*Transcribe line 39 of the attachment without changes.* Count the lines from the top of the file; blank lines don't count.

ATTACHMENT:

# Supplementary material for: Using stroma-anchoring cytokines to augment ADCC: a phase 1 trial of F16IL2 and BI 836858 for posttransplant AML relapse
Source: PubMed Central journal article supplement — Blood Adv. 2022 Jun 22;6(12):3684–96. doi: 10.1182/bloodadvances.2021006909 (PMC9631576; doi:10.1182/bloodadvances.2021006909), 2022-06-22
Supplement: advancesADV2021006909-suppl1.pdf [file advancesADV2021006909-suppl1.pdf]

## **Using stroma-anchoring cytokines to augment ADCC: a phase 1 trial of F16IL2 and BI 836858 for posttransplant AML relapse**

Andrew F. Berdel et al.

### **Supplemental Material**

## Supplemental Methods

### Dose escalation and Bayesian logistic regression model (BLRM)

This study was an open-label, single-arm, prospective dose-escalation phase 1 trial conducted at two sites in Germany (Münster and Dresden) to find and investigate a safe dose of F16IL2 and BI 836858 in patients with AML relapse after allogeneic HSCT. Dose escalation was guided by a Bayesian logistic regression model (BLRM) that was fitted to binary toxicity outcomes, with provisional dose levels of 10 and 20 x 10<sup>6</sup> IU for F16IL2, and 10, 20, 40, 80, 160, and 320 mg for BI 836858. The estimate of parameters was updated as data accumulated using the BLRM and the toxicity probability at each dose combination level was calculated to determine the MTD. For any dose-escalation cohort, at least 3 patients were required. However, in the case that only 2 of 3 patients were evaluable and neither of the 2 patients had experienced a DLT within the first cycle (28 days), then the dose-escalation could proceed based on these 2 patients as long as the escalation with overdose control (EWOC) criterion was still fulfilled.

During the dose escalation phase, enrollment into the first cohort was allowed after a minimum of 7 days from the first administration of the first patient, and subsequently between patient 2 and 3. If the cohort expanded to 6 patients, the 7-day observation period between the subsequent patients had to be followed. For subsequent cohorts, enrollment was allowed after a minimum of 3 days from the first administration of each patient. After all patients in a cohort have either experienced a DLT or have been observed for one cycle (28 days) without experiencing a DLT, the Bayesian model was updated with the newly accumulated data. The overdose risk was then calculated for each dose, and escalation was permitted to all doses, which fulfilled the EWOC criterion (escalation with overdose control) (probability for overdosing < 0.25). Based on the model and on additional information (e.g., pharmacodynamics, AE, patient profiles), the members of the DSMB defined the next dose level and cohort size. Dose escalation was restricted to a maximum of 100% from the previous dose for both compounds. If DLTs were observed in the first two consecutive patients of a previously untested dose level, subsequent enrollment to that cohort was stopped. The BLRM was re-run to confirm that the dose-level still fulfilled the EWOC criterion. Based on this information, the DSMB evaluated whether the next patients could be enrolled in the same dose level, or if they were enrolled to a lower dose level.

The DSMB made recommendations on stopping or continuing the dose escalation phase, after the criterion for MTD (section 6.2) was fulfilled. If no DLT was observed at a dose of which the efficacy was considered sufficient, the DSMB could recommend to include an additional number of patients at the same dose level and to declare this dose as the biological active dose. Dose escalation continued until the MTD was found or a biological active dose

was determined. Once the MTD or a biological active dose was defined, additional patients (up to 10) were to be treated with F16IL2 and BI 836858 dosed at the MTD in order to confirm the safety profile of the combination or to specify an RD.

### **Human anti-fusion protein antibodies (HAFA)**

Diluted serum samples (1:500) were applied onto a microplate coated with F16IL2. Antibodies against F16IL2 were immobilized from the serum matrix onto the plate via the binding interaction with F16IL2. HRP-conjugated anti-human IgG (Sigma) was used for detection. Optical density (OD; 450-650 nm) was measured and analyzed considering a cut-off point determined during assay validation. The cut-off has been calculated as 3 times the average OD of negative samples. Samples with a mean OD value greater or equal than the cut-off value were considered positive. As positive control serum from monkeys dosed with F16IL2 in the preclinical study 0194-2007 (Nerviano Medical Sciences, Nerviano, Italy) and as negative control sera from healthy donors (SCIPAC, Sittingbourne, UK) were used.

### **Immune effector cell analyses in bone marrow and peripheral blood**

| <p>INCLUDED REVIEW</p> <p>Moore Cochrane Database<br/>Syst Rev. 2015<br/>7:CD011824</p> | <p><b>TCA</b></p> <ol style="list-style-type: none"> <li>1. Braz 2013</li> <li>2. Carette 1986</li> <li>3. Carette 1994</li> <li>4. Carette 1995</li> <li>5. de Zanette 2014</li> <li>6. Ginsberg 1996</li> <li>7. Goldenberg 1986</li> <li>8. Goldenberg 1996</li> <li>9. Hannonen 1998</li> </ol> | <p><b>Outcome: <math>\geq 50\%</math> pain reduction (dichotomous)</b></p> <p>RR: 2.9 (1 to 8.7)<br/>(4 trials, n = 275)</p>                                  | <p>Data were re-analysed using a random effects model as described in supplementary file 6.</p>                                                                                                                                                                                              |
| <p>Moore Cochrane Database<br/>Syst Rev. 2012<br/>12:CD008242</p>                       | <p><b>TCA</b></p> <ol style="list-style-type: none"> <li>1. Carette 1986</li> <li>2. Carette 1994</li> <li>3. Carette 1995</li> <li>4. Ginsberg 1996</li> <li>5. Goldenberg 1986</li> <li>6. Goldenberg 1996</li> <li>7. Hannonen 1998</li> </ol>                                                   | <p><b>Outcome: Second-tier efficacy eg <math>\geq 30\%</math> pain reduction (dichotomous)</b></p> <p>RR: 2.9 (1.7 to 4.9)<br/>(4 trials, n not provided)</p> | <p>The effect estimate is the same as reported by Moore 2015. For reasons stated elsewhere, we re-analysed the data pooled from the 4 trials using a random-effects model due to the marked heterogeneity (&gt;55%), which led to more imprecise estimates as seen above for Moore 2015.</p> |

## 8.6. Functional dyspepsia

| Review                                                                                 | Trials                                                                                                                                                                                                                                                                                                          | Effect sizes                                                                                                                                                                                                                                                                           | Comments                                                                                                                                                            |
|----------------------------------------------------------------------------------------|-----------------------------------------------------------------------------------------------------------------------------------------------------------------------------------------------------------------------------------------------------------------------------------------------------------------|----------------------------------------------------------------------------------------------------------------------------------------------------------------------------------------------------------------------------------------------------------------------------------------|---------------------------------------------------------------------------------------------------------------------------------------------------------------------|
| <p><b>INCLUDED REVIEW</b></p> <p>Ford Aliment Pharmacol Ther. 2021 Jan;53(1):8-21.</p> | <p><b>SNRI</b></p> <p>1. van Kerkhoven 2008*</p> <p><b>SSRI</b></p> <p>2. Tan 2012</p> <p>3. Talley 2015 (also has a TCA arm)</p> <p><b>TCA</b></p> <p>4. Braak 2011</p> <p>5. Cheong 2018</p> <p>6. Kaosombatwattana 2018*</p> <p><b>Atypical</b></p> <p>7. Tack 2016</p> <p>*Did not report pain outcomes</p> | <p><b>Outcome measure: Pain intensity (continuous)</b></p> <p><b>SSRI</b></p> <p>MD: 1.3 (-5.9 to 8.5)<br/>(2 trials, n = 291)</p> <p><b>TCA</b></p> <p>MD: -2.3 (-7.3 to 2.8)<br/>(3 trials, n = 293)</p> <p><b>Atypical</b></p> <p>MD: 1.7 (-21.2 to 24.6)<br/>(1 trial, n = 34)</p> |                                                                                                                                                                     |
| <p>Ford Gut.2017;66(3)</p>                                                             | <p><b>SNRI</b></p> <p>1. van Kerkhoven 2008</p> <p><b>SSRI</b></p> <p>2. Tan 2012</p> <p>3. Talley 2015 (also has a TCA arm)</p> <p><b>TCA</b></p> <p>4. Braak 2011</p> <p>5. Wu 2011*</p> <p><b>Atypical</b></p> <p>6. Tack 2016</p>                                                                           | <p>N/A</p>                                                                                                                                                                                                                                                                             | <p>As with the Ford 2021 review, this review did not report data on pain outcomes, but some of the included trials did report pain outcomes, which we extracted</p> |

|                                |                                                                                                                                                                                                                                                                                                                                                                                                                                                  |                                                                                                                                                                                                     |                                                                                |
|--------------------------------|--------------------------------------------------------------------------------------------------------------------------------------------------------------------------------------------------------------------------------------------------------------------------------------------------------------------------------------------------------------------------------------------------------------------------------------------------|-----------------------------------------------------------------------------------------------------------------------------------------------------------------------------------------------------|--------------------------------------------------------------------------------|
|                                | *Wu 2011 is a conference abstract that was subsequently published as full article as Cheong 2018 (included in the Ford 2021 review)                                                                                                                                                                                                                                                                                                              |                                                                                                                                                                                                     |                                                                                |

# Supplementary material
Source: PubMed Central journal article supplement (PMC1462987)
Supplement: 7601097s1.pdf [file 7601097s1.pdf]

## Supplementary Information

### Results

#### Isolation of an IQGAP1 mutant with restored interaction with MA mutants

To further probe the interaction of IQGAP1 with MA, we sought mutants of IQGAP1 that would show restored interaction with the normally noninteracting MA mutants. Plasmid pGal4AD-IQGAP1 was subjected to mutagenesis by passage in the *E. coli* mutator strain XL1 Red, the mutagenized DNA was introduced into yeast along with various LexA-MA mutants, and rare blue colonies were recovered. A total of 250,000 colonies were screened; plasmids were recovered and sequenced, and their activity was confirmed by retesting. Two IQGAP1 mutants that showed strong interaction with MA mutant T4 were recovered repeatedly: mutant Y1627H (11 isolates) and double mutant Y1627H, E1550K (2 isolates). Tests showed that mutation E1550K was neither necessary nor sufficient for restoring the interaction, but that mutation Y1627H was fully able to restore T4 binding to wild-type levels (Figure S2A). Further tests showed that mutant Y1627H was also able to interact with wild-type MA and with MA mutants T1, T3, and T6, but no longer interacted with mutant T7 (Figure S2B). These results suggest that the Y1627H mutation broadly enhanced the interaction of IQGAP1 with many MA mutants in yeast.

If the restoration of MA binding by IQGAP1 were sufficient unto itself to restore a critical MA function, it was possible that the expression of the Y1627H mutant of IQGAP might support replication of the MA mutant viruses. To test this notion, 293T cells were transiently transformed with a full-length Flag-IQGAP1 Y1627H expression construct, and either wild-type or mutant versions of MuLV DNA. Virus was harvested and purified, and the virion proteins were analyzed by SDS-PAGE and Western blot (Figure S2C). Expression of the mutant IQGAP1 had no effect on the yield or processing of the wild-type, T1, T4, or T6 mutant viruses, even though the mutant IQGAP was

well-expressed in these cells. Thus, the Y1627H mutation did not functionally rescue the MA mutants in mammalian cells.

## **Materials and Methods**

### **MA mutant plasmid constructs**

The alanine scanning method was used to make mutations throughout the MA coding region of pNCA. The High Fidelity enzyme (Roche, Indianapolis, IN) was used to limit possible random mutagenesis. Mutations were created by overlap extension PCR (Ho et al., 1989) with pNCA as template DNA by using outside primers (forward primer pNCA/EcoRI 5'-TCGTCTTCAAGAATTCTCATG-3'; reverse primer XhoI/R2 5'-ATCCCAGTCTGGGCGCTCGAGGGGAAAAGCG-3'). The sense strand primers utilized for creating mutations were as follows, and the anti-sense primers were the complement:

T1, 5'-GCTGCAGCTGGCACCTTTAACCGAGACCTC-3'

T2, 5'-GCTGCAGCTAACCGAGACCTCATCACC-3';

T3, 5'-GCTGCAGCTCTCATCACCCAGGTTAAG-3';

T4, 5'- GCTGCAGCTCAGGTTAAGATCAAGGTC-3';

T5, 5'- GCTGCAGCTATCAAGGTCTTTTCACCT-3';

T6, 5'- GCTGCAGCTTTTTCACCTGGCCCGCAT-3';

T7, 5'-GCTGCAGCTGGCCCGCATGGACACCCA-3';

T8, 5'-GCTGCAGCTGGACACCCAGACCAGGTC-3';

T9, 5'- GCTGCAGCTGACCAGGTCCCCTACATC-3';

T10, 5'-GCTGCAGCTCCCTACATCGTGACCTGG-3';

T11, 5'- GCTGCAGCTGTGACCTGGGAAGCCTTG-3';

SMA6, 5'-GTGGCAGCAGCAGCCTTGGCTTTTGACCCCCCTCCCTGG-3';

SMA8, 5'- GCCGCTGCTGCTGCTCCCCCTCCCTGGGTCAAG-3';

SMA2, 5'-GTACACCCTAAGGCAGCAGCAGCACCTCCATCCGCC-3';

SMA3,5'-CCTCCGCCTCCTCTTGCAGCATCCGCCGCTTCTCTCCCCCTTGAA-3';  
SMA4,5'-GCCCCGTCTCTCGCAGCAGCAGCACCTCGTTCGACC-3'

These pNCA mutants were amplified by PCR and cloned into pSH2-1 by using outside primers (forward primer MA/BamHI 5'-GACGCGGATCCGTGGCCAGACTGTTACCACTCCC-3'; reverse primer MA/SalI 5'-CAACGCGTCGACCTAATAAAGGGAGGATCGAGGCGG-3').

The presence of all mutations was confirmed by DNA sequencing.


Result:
T2, 5'-GCTGCAGCTAACCGAGACCTCATCACC-3';